In 466 patients with a detailed description of the coronary anatomy, we, therefore, investigated the patterns of CAD in patients with diabetes according to the ADA definition. We also analyzed the changes in patterns of coronary atherosclerosis of patients categorized across increasing degrees of hyperglycemia, from normal plasma glucose to diabetes.
Five hundred twenty-two patients referred to our institution for coronary angiography were consecutively and prospectively screened for recruitment. The selection criteria were: 1) indication for coronary angiography (9); 2) no history of coronary intervention (whether instrumental or surgical), organ transplantation or renal hemodialysis; 3) no type 1 (insulin-dependent) diabetes mellitus; and 4) no history of myocardial infarction nor any Q waves on the 12-lead electrocardiogram (ECG).
Four hundred and sixty-six patients (88%) were finally considered for analysis; 32 were excluded for incomplete clinical or biological data, and 22 were excluded because angiogram quality was unsuitable for quantification of the CAD. Clinical presentation was stable angina in 155 patients (33%), unstable angina (10)in 155 patients (33%), silent ischemia in 12 patients (3%), atypical chest pain in 48 patients (10%) and miscellaneous (preoperative assessment, dilated cardiomyopathy, valvular heart disease) in 96 patients (21%).
Reported clinical data included personal medical history, risk factors, history of medications, family history of cardiovascular events and diabetes, height, weight and blood pressure recorded twice in the sitting position. The biochemical parameters were obtained after a 12-h fasting period during an overnight hospital stay and included FPG (glucose oxidize method), serum total cholesterol and its high and low density lipoprotein (HDL and LDL) subfractions and triglyceride levels. Hemoglobin A1cwas not routinely obtained and was not used in this study.
Diabetes was defined as the intake of a diabetic diet or oral hypoglycemic agents or a FPG above 7 mM/L (126 mg/dl) according to the new ADA criteria (8). Patients without diabetes were further subdivided into normal patients (FPG < 6.1 mM/L) and patients with impaired fasting glucose (6.1 mM/L ≤ FPG < 7.0 mM/L). Patients with diabetes were also subdivided into patients with newly diagnosed “mild” diabetes (7.0 mM/L ≤ FPG < 7.8 mM/L) and patients with diabetes according to the former World Health Organization (WHO) definition. Since the 75 goral glucose tolerance test was not routinely performed, by convention in this study we consider WHO-diabetes as the intake of any oral hypoglycemic agents or a FPG ≥ 7.8 mM/L (140 mg/dl) (11). Hypertension was defined as the intake of antihypertensive drugs or two measurements of the systolic/diastolic blood pressure above 160/95 mm Hg. Hypercholesterolemia was defined as the intake of a cholesterol-lowering agent or the combination of total cholesterol above 5.2 mM/L and LDL above 3.3 mM/L. Patients who currently smoked or who had quit smoking for less than two years were considered smokers. Silent ischemia was defined as evidence of ischemia without any symptom of angina, either at rest using 12-lead ECG or in daily activities using Holter ST-segment monitoring.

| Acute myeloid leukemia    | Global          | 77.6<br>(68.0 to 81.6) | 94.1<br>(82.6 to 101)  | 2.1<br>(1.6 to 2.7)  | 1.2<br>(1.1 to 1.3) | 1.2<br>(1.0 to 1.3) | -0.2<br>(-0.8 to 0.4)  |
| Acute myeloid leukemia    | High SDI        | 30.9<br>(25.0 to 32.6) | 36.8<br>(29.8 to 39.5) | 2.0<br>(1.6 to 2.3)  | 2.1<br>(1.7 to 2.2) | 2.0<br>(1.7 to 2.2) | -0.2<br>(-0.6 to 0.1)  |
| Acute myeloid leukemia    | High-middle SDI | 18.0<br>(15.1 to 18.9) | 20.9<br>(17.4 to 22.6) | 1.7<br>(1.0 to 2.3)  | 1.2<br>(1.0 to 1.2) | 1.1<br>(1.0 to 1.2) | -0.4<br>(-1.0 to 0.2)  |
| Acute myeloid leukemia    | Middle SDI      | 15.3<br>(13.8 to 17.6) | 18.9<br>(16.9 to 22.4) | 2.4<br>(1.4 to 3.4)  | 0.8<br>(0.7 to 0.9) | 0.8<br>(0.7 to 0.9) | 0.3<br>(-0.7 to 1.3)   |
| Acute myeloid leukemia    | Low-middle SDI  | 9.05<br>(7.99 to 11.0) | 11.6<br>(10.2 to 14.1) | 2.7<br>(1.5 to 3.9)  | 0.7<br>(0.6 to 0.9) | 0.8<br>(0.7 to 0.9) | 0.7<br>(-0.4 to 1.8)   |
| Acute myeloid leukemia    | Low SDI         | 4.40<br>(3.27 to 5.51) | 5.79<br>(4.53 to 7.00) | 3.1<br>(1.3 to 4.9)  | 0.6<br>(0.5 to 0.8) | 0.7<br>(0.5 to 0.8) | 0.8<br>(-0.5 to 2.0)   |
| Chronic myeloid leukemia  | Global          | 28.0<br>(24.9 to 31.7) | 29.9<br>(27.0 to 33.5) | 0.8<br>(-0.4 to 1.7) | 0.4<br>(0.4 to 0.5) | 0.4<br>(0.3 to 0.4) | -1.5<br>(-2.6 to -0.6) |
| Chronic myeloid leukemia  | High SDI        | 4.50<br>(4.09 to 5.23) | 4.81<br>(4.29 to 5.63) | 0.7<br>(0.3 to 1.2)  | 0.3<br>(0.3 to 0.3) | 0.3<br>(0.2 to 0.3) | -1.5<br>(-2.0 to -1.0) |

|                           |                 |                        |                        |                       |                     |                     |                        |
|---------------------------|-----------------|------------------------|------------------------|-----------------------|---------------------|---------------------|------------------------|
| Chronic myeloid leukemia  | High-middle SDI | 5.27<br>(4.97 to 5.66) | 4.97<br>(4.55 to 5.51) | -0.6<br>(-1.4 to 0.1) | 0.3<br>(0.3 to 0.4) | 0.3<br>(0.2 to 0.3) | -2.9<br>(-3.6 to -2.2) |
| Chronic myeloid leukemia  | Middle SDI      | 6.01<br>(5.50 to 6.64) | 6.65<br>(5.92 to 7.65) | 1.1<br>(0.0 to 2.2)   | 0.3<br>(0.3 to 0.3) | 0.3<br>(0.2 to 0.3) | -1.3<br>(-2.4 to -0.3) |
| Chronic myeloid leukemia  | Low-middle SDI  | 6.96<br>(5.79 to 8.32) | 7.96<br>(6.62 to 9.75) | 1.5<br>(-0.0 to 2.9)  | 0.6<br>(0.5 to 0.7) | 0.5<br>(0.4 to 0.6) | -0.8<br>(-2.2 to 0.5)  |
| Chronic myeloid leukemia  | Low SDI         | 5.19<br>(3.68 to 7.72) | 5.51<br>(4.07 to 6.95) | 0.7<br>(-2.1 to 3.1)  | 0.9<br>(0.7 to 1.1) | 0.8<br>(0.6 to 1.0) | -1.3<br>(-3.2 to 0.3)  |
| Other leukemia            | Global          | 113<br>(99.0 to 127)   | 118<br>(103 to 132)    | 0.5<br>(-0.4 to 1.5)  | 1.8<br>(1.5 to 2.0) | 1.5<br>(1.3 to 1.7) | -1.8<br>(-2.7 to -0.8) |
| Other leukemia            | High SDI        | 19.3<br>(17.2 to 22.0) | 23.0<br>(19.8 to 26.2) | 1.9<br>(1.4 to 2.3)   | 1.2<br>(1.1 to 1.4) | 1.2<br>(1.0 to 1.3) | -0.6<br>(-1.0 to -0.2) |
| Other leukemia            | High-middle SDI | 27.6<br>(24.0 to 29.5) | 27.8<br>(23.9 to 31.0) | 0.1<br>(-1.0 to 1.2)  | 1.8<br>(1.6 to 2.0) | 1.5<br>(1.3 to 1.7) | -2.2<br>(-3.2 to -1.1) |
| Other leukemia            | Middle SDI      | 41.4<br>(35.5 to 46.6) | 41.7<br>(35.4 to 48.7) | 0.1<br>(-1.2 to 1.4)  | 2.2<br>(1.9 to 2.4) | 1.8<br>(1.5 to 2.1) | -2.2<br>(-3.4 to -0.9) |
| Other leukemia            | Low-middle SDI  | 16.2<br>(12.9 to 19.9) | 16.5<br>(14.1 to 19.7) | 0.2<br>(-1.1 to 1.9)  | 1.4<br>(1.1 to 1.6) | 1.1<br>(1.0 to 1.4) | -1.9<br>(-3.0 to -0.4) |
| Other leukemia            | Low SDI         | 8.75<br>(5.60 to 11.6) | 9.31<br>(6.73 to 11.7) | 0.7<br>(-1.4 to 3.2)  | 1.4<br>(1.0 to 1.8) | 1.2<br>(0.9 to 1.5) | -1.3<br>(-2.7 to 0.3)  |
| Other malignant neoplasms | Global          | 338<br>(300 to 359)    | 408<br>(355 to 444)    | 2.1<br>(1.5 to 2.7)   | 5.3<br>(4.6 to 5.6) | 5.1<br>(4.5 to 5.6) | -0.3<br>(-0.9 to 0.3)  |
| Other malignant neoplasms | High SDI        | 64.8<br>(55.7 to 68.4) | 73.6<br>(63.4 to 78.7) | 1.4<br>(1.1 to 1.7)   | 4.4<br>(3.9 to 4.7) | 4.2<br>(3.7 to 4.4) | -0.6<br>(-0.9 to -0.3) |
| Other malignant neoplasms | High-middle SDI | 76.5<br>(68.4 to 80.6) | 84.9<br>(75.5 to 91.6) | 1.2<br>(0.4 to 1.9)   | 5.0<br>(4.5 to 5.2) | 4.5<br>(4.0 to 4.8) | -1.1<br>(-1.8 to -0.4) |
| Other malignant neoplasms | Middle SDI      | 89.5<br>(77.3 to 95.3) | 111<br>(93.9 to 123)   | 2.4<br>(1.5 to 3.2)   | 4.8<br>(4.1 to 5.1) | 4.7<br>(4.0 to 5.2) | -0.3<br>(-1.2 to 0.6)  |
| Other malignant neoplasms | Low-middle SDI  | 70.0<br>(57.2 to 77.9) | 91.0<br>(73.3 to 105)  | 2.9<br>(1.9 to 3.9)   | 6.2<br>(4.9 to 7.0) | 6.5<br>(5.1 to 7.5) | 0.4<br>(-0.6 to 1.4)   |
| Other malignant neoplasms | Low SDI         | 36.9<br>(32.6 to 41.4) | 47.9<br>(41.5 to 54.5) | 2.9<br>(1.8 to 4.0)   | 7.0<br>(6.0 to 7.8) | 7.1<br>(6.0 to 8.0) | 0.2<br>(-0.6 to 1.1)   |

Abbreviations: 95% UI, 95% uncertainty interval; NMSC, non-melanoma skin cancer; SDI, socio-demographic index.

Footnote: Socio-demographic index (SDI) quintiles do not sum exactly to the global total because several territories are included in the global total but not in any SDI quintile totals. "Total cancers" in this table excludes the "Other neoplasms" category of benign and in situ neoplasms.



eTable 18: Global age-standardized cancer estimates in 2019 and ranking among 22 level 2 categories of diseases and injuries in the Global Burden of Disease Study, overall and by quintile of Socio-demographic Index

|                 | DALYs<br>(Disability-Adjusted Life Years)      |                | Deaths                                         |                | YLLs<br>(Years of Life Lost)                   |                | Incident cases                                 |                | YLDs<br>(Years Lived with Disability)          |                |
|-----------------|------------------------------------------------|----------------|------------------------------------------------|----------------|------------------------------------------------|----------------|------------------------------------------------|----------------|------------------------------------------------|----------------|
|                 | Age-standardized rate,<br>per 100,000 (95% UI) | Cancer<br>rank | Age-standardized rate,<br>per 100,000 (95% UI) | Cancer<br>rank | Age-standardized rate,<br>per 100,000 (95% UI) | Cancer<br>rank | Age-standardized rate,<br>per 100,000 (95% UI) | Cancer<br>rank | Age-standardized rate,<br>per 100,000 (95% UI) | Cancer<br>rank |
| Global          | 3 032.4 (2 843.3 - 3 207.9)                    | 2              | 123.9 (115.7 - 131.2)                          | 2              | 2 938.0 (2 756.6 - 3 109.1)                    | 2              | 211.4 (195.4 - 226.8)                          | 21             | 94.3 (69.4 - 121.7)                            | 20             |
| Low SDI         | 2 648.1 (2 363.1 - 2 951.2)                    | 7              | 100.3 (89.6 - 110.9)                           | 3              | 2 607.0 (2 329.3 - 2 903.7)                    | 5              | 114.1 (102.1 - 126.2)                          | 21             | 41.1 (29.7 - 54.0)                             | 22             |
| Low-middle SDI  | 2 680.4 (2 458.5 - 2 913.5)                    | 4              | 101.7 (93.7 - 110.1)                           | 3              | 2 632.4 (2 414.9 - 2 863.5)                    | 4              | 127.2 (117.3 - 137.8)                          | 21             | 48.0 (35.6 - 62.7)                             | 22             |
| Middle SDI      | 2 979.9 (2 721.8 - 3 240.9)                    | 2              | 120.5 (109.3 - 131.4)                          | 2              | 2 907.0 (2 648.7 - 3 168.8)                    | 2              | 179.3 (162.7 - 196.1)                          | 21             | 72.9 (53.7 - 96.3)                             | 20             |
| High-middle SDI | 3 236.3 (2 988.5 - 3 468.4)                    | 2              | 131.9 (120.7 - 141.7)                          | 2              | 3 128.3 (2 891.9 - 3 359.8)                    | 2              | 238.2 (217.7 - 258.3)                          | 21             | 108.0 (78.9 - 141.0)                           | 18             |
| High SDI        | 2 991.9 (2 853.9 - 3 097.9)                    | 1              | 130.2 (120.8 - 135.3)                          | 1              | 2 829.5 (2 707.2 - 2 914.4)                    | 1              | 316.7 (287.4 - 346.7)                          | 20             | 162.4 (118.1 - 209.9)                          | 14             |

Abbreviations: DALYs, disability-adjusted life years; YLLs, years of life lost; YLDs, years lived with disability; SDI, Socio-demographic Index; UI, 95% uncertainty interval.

Quantitative coronary study